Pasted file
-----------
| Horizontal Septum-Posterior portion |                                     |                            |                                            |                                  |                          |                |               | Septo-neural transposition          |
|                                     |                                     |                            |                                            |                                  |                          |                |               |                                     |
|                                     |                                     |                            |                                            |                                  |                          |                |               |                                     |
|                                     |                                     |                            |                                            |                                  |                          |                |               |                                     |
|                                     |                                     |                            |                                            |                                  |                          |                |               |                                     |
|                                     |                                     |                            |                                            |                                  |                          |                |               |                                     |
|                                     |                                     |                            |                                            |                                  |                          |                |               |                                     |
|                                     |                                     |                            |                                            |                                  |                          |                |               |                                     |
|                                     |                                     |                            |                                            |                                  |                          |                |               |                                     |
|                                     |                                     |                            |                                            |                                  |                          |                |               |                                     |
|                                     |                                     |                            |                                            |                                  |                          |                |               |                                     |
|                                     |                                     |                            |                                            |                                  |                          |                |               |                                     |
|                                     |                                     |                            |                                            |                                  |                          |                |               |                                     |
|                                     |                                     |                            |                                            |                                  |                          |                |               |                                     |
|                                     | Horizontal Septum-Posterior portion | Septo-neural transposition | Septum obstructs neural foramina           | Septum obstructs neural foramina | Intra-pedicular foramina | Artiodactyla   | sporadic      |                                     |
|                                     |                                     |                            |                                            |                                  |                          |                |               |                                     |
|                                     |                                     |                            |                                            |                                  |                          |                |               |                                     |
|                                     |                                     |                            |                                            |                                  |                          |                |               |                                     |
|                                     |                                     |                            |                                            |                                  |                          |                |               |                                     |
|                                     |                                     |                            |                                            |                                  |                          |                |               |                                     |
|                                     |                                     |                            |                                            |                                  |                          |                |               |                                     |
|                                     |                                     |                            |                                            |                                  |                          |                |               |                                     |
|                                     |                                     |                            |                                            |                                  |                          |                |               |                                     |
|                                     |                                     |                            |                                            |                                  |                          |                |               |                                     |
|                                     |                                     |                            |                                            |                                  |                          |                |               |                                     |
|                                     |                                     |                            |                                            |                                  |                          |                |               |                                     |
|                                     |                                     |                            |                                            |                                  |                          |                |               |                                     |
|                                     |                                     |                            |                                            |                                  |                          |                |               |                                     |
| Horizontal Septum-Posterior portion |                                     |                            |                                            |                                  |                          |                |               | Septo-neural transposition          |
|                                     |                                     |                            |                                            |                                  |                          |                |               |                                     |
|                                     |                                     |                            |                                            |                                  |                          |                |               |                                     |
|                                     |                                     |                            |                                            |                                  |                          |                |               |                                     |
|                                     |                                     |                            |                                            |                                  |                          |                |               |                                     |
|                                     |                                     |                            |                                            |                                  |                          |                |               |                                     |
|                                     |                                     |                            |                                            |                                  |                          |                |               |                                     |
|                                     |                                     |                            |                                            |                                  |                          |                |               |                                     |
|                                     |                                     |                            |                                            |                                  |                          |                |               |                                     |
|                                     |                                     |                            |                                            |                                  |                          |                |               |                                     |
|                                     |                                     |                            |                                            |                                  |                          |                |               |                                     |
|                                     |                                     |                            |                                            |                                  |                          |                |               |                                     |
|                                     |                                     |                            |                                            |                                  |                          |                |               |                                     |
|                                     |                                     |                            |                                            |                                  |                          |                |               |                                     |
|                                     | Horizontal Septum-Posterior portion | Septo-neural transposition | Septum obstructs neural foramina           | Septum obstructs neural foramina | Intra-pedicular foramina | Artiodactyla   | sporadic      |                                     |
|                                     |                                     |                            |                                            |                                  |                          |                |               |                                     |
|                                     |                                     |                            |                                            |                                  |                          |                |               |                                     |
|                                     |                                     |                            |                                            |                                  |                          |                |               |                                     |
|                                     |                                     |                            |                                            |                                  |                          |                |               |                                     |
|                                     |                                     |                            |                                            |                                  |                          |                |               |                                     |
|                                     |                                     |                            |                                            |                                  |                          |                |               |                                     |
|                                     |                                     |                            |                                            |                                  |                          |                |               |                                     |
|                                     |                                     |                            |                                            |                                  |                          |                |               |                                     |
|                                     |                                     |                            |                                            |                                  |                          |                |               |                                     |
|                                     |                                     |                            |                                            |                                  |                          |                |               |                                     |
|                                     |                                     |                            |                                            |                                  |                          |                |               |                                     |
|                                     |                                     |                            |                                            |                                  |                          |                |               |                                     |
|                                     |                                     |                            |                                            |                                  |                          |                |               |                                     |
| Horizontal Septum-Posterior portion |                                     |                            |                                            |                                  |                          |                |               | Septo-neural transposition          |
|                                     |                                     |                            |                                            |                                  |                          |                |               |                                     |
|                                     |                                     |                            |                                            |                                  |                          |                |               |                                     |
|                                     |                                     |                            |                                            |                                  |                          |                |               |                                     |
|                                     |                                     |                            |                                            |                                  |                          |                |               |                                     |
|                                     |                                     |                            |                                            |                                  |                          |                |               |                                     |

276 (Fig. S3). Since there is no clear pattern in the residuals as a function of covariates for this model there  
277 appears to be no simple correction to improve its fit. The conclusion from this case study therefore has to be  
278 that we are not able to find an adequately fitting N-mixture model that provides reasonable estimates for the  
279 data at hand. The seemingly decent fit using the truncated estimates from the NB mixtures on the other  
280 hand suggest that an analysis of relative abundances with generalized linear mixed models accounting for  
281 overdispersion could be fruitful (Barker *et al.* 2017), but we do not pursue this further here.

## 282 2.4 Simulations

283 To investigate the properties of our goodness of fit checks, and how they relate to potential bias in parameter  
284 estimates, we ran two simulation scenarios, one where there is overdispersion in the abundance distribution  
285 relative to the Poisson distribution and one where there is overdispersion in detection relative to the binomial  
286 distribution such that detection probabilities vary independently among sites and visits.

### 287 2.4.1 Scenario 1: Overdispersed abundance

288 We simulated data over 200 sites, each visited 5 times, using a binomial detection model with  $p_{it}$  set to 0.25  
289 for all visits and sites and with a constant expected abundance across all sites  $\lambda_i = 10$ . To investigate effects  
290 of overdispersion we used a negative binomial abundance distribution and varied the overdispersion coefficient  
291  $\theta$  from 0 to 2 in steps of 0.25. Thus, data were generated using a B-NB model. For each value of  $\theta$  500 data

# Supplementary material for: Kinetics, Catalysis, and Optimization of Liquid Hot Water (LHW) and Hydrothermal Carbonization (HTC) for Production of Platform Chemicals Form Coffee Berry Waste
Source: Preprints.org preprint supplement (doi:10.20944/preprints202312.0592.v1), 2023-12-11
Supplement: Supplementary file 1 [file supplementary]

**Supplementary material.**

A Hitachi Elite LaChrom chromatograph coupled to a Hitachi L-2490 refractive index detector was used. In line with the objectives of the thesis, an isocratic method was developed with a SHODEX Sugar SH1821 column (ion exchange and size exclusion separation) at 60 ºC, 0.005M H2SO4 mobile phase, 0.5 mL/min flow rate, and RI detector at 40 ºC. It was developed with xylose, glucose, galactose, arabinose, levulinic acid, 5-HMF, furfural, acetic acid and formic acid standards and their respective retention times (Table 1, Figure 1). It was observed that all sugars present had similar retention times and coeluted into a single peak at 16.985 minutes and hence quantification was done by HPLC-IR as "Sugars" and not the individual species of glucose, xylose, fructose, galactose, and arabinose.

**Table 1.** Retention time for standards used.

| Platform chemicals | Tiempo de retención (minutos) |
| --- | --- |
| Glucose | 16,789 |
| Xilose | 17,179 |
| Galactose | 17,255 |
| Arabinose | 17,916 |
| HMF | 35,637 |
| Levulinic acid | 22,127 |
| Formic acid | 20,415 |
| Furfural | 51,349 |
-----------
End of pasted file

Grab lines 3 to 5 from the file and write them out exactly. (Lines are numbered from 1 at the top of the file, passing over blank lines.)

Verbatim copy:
|                                     |                                     |                            |                                            |                                  |                          |                |               |                                     |
|                                     |                                     |                            |                                            |                                  |                          |                |               |                                     |
|                                     |                                     |                            |                                            |                                  |                          |                |               |                                     |